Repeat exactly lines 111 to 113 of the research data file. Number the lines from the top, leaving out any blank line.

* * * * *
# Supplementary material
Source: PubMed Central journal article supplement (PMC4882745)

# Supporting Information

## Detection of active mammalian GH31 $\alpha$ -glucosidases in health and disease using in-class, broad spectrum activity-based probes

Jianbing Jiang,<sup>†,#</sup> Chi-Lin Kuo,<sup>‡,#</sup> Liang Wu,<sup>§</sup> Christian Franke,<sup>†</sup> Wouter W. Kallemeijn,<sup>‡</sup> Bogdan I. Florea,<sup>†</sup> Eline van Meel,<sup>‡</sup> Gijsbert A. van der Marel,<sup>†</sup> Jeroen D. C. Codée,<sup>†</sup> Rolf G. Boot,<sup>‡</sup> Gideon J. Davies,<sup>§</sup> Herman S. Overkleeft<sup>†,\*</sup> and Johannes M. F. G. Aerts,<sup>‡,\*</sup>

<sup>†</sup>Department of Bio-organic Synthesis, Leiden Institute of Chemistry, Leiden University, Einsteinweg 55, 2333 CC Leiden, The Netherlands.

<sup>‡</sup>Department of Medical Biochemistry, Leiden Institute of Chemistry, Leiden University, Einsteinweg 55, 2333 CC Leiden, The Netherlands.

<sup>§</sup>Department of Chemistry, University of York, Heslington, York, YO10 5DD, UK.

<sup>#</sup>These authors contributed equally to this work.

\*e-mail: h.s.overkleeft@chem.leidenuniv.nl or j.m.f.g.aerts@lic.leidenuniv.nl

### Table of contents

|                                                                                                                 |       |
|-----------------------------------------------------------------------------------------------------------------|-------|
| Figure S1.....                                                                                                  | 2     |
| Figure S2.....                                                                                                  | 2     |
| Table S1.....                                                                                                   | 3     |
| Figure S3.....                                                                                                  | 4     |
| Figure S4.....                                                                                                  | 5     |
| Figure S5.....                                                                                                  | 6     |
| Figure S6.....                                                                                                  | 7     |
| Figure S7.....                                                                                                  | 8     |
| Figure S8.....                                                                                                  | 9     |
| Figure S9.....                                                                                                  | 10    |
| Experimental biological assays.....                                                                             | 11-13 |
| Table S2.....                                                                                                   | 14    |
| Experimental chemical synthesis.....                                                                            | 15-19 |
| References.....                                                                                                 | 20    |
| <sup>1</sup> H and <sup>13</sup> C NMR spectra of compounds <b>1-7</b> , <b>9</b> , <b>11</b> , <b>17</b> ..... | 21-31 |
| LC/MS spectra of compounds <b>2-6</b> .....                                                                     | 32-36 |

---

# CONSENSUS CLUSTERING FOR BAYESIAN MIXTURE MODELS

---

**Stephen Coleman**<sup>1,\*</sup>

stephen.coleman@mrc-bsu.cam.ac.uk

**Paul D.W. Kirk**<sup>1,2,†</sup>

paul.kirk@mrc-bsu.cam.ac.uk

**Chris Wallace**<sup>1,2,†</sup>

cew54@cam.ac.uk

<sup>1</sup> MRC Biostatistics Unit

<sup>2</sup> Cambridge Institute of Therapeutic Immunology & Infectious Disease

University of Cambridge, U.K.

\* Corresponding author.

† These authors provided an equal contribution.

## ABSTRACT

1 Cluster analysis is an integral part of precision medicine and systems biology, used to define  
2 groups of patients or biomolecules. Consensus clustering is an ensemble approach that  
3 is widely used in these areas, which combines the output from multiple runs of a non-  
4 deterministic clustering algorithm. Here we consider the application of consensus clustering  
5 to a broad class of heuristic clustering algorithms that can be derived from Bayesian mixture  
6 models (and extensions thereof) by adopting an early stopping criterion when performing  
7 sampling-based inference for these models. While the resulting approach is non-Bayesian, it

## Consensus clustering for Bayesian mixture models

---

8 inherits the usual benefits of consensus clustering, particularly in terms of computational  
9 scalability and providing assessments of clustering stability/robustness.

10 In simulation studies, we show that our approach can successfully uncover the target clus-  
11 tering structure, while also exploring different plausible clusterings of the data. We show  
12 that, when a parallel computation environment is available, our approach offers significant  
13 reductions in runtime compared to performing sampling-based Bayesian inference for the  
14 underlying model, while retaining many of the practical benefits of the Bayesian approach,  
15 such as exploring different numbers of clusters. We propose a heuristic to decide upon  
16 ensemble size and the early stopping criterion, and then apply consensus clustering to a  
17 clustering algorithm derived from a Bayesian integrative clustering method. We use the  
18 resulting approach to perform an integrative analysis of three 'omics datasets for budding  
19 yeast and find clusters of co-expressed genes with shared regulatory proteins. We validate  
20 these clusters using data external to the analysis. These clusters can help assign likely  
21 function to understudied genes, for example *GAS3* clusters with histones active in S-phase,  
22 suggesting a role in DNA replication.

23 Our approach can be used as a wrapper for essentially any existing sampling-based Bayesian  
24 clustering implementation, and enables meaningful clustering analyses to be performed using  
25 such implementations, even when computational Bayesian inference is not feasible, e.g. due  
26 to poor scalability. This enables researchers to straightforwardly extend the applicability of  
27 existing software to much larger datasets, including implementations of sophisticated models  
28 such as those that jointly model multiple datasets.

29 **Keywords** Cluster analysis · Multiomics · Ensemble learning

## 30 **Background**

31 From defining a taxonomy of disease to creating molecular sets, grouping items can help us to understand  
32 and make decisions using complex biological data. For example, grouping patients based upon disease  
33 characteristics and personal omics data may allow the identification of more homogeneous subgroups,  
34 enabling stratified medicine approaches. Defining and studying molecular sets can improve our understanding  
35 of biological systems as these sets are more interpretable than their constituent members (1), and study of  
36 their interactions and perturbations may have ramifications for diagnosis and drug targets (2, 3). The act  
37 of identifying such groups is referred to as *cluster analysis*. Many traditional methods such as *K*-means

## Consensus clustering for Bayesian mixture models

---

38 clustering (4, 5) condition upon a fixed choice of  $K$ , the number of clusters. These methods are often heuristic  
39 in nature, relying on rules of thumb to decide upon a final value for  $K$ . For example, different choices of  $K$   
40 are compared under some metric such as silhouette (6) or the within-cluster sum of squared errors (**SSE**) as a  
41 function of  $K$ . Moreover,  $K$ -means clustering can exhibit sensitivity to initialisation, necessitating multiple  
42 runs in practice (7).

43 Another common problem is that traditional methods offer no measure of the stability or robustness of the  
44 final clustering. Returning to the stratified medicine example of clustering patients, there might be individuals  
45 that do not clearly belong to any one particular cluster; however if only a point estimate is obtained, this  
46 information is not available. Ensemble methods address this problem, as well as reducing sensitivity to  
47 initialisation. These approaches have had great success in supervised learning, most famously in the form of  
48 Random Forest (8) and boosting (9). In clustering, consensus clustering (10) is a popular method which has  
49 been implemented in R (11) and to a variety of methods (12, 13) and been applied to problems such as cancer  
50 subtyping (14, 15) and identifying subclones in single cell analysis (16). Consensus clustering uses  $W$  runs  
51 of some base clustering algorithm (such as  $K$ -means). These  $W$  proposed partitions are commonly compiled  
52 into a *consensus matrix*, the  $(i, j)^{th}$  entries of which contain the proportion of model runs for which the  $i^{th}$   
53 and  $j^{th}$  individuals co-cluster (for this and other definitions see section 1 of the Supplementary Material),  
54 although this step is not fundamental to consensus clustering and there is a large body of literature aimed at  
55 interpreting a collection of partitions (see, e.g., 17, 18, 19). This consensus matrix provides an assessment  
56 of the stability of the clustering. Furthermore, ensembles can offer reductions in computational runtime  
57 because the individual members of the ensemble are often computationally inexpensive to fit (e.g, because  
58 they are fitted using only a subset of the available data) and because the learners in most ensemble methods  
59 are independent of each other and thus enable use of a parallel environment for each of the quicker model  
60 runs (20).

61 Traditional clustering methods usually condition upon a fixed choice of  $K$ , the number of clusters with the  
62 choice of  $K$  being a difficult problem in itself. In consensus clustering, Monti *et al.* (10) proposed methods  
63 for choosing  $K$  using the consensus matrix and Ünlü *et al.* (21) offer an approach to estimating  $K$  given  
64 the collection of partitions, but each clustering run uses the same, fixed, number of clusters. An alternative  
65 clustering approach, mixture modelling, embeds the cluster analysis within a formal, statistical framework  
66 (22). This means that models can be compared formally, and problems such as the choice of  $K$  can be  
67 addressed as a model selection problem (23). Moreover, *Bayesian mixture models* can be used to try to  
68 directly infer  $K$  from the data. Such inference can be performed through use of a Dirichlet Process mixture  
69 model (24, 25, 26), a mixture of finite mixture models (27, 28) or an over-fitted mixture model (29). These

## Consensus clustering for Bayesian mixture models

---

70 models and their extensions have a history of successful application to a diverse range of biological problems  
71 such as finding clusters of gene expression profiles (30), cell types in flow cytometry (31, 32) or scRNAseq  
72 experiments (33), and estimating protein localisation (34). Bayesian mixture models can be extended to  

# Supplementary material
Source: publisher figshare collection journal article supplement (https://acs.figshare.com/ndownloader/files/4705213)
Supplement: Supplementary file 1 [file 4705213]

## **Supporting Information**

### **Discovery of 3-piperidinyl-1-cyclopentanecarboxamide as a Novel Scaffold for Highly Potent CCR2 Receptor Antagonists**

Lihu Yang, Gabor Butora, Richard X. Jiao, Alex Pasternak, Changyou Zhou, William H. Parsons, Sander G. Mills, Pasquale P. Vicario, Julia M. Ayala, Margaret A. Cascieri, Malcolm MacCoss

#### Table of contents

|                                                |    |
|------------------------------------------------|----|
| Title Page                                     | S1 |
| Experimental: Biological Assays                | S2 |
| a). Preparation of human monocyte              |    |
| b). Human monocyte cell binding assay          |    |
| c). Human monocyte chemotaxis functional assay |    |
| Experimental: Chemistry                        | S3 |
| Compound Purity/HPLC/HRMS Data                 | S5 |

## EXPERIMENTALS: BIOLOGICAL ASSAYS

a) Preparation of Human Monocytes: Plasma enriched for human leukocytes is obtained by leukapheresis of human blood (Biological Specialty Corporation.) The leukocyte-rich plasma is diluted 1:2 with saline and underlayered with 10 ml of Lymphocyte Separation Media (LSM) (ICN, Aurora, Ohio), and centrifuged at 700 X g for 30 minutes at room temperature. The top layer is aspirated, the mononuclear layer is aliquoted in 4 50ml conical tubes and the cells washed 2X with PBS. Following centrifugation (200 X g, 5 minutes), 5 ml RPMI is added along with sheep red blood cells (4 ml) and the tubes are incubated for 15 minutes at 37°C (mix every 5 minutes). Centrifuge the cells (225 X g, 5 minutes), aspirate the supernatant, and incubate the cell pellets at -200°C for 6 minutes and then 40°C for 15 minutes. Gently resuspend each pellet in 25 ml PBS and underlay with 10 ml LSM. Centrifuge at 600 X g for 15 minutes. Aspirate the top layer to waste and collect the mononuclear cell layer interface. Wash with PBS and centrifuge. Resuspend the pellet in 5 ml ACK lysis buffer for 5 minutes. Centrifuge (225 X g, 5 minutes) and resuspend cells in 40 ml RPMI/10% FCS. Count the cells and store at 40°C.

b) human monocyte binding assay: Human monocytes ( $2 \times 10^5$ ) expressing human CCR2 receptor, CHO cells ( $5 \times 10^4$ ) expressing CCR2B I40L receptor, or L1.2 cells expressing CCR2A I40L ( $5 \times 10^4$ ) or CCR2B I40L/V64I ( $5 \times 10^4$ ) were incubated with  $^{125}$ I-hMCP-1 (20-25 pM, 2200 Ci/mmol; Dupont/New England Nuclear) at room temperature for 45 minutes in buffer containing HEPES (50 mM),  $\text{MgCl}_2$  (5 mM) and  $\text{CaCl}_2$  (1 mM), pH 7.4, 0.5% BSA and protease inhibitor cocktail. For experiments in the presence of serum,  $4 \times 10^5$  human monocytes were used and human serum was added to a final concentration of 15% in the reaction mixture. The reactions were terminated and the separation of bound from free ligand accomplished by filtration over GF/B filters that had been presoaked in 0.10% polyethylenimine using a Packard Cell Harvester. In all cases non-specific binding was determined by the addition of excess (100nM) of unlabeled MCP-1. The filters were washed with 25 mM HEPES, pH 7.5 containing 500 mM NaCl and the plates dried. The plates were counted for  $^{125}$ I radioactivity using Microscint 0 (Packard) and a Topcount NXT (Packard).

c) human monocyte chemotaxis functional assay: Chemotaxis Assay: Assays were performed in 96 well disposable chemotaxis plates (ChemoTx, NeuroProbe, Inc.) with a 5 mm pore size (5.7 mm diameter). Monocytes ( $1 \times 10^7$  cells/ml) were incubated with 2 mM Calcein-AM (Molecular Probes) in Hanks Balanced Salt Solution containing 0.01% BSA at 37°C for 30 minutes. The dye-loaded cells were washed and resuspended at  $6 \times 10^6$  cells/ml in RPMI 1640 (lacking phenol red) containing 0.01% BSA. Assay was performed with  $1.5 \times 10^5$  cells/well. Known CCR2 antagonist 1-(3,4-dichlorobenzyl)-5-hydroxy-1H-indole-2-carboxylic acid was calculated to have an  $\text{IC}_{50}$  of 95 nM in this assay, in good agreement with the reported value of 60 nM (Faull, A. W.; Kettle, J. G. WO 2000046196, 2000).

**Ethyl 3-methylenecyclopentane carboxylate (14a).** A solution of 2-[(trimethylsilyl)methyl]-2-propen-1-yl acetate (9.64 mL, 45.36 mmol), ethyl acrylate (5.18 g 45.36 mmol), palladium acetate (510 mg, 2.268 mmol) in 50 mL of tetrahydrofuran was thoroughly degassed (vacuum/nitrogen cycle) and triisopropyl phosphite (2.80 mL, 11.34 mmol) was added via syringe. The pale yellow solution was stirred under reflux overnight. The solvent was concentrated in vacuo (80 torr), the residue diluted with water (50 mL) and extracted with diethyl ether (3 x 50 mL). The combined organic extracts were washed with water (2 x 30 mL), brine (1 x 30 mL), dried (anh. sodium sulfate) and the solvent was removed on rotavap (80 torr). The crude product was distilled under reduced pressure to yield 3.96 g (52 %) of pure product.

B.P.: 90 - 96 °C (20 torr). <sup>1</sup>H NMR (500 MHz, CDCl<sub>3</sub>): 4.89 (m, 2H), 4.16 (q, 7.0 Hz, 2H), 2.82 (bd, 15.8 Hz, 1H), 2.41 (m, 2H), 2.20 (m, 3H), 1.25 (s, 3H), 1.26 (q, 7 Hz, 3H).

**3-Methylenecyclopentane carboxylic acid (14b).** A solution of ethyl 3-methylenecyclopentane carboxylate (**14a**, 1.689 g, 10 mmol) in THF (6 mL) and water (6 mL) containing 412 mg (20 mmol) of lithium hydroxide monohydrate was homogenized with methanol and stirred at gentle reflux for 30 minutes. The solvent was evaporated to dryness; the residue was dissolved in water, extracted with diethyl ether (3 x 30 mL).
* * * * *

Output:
63 for choosing  $K$  using the consensus matrix and Ünlü *et al.* (21) offer an approach to estimating  $K$  given  
64 the collection of partitions, but each clustering run uses the same, fixed, number of clusters. An alternative  
65 clustering approach, mixture modelling, embeds the cluster analysis within a formal, statistical framework  